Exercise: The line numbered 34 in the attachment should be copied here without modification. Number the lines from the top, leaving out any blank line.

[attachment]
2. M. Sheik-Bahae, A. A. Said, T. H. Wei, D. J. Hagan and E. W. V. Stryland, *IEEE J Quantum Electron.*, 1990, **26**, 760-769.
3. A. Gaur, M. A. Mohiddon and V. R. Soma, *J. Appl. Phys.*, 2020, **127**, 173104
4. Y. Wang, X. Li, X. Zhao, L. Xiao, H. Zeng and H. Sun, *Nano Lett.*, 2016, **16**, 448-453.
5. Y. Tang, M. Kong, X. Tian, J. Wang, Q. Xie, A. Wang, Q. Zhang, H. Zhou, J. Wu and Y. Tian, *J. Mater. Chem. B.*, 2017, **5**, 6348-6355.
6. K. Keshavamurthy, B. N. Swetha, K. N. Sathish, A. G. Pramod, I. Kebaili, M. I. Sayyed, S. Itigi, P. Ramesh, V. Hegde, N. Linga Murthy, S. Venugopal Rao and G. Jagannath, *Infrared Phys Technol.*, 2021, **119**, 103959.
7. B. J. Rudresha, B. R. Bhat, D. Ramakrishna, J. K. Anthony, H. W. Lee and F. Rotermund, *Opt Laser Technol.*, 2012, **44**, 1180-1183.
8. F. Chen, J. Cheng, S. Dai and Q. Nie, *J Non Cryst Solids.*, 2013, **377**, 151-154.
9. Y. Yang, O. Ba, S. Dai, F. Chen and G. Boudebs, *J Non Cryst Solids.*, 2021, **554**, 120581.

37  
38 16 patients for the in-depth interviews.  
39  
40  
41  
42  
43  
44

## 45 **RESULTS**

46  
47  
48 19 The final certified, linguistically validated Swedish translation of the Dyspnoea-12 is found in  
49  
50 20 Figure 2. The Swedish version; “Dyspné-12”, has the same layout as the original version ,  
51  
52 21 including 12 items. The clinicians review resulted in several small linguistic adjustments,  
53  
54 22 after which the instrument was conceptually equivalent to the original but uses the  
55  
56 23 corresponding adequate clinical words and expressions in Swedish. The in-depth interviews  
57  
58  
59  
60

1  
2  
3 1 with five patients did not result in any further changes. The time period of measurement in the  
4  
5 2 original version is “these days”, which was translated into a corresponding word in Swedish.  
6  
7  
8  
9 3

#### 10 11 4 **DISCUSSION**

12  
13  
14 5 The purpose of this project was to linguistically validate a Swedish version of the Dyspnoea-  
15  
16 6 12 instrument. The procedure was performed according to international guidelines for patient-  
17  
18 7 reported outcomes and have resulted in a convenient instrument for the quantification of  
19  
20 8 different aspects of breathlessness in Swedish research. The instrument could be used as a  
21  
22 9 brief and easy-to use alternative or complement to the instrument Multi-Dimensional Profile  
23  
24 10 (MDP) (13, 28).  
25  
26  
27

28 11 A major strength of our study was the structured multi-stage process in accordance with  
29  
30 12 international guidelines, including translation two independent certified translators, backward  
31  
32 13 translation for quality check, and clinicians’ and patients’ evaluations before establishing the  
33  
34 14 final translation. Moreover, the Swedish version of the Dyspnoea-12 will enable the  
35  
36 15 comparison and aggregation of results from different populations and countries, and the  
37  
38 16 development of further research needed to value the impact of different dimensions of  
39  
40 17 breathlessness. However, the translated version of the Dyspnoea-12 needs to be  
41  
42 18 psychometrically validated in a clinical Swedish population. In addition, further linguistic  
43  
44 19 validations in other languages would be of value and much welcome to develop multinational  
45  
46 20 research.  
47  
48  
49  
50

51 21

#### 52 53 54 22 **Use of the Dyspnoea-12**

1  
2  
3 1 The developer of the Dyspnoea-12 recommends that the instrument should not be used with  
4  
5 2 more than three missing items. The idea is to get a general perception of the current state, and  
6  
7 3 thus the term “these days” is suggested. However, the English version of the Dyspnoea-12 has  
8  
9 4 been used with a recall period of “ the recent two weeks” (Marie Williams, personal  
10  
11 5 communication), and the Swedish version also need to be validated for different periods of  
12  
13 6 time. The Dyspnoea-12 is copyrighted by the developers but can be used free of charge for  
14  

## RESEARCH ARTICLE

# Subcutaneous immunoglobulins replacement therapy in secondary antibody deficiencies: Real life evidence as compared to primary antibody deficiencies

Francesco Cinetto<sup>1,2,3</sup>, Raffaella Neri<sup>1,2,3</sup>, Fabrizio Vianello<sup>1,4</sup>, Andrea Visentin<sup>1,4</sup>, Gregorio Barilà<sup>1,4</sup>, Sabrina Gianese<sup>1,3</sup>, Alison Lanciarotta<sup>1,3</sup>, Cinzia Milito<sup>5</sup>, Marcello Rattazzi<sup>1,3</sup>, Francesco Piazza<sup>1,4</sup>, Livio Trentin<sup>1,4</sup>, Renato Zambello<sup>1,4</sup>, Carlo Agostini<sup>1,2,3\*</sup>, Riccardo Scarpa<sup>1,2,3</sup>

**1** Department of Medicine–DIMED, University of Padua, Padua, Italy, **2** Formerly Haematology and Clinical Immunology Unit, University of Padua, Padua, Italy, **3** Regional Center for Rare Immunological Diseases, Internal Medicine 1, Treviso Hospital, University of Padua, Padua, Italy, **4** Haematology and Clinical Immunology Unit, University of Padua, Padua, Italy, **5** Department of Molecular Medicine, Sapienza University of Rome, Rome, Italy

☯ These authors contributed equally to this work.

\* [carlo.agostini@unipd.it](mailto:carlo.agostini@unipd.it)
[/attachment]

2  